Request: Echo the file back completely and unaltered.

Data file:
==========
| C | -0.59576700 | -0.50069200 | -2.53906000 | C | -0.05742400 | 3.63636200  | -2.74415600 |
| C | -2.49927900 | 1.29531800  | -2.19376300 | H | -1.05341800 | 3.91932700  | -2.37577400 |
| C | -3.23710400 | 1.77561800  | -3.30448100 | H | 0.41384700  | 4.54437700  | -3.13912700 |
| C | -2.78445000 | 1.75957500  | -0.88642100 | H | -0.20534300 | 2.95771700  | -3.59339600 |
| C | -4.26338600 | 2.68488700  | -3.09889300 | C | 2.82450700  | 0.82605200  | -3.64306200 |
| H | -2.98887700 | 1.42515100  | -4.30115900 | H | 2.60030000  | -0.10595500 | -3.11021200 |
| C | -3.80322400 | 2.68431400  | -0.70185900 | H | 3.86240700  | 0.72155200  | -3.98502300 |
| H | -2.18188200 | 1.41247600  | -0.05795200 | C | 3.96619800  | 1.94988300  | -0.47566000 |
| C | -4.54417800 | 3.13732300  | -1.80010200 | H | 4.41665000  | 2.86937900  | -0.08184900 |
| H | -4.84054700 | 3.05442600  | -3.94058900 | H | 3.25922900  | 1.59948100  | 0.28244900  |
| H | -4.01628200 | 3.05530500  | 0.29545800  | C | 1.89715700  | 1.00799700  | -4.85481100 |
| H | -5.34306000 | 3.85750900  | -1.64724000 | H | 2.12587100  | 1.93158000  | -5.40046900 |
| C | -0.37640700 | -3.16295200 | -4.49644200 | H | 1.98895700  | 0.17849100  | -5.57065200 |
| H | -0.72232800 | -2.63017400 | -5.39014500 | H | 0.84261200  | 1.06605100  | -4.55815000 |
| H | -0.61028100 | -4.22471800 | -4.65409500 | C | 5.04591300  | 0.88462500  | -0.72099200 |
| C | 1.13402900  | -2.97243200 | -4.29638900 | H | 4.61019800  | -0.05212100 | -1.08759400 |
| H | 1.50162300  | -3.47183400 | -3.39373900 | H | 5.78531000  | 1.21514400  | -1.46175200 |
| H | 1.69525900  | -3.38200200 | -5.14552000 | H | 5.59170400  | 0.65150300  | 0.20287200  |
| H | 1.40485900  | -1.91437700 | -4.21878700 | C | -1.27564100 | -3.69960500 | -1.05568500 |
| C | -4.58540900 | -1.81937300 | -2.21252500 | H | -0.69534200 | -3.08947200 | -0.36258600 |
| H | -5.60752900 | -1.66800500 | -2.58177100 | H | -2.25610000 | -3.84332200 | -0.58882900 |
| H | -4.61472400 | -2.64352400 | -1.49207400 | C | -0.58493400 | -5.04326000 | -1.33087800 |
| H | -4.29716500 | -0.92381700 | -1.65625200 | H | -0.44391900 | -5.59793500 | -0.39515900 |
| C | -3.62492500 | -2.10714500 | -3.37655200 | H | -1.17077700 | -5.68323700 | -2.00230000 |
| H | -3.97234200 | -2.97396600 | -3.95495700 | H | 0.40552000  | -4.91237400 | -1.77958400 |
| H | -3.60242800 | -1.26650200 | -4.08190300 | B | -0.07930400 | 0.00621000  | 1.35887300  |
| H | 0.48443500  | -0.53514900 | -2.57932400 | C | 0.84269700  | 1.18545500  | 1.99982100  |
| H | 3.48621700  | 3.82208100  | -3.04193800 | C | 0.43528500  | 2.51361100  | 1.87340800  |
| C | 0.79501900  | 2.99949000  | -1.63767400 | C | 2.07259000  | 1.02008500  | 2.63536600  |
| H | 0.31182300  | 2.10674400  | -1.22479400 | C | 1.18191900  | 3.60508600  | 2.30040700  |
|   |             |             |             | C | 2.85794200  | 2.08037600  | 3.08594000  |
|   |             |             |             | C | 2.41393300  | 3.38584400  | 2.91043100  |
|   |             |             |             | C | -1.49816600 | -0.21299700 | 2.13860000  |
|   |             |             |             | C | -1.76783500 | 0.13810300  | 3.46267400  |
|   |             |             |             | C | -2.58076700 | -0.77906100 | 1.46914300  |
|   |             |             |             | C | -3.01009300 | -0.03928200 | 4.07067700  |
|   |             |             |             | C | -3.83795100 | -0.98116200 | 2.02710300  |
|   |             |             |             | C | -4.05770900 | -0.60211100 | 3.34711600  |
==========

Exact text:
| C | -0.59576700 | -0.50069200 | -2.53906000 | C | -0.05742400 | 3.63636200  | -2.74415600 |
| C | -2.49927900 | 1.29531800  | -2.19376300 | H | -1.05341800 | 3.91932700  | -2.37577400 |
| C | -3.23710400 | 1.77561800  | -3.30448100 | H | 0.41384700  | 4.54437700  | -3.13912700 |
| C | -2.78445000 | 1.75957500  | -0.88642100 | H | -0.20534300 | 2.95771700  | -3.59339600 |
| C | -4.26338600 | 2.68488700  | -3.09889300 | C | 2.82450700  | 0.82605200  | -3.64306200 |
| H | -2.98887700 | 1.42515100  | -4.30115900 | H | 2.60030000  | -0.10595500 | -3.11021200 |
| C | -3.80322400 | 2.68431400  | -0.70185900 | H | 3.86240700  | 0.72155200  | -3.98502300 |
| H | -2.18188200 | 1.41247600  | -0.05795200 | C | 3.96619800  | 1.94988300  | -0.47566000 |
| C | -4.54417800 | 3.13732300  | -1.80010200 | H | 4.41665000  | 2.86937900  | -0.08184900 |
| H | -4.84054700 | 3.05442600  | -3.94058900 | H | 3.25922900  | 1.59948100  | 0.28244900  |
| H | -4.01628200 | 3.05530500  | 0.29545800  | C | 1.89715700  | 1.00799700  | -4.85481100 |
| H | -5.34306000 | 3.85750900  | -1.64724000 | H | 2.12587100  | 1.93158000  | -5.40046900 |
| C | -0.37640700 | -3.16295200 | -4.49644200 | H | 1.98895700  | 0.17849100  | -5.57065200 |
| H | -0.72232800 | -2.63017400 | -5.39014500 | H | 0.84261200  | 1.06605100  | -4.55815000 |
| H | -0.61028100 | -4.22471800 | -4.65409500 | C | 5.04591300  | 0.88462500  | -0.72099200 |
| C | 1.13402900  | -2.97243200 | -4.29638900 | H | 4.61019800  | -0.05212100 | -1.08759400 |
| H | 1.50162300  | -3.47183400 | -3.39373900 | H | 5.78531000  | 1.21514400  | -1.46175200 |
| H | 1.69525900  | -3.38200200 | -5.14552000 | H | 5.59170400  | 0.65150300  | 0.20287200  |
| H | 1.40485900  | -1.91437700 | -4.21878700 | C | -1.27564100 | -3.69960500 | -1.05568500 |
| C | -4.58540900 | -1.81937300 | -2.21252500 | H | -0.69534200 | -3.08947200 | -0.36258600 |
| H | -5.60752900 | -1.66800500 | -2.58177100 | H | -2.25610000 | -3.84332200 | -0.58882900 |
| H | -4.61472400 | -2.64352400 | -1.49207400 | C | -0.58493400 | -5.04326000 | -1.33087800 |
| H | -4.29716500 | -0.92381700 | -1.65625200 | H | -0.44391900 | -5.59793500 | -0.39515900 |
| C | -3.62492500 | -2.10714500 | -3.37655200 | H | -1.17077700 | -5.68323700 | -2.00230000 |
| H | -3.97234200 | -2.97396600 | -3.95495700 | H | 0.40552000  | -4.91237400 | -1.77958400 |
| H | -3.60242800 | -1.26650200 | -4.08190300 | B | -0.07930400 | 0.00621000  | 1.35887300  |
| H | 0.48443500  | -0.53514900 | -2.57932400 | C | 0.84269700  | 1.18545500  | 1.99982100  |
| H | 3.48621700  | 3.82208100  | -3.04193800 | C | 0.43528500  | 2.51361100  | 1.87340800  |
| C | 0.79501900  | 2.99949000  | -1.63767400 | C | 2.07259000  | 1.02008500  | 2.63536600  |
| H | 0.31182300  | 2.10674400  | -1.22479400 | C | 1.18191900  | 3.60508600  | 2.30040700  |
|   |             |             |             | C | 2.85794200  | 2.08037600  | 3.08594000  |
|   |             |             |             | C | 2.41393300  | 3.38584400  | 2.91043100  |
|   |             |             |             | C | -1.49816600 | -0.21299700 | 2.13860000  |
|   |             |             |             | C | -1.76783500 | 0.13810300  | 3.46267400  |
|   |             |             |             | C | -2.58076700 | -0.77906100 | 1.46914300  |
|   |             |             |             | C | -3.01009300 | -0.03928200 | 4.07067700  |
|   |             |             |             | C | -3.83795100 | -0.98116200 | 2.02710300  |
|   |             |             |             | C | -4.05770900 | -0.60211100 | 3.34711600  |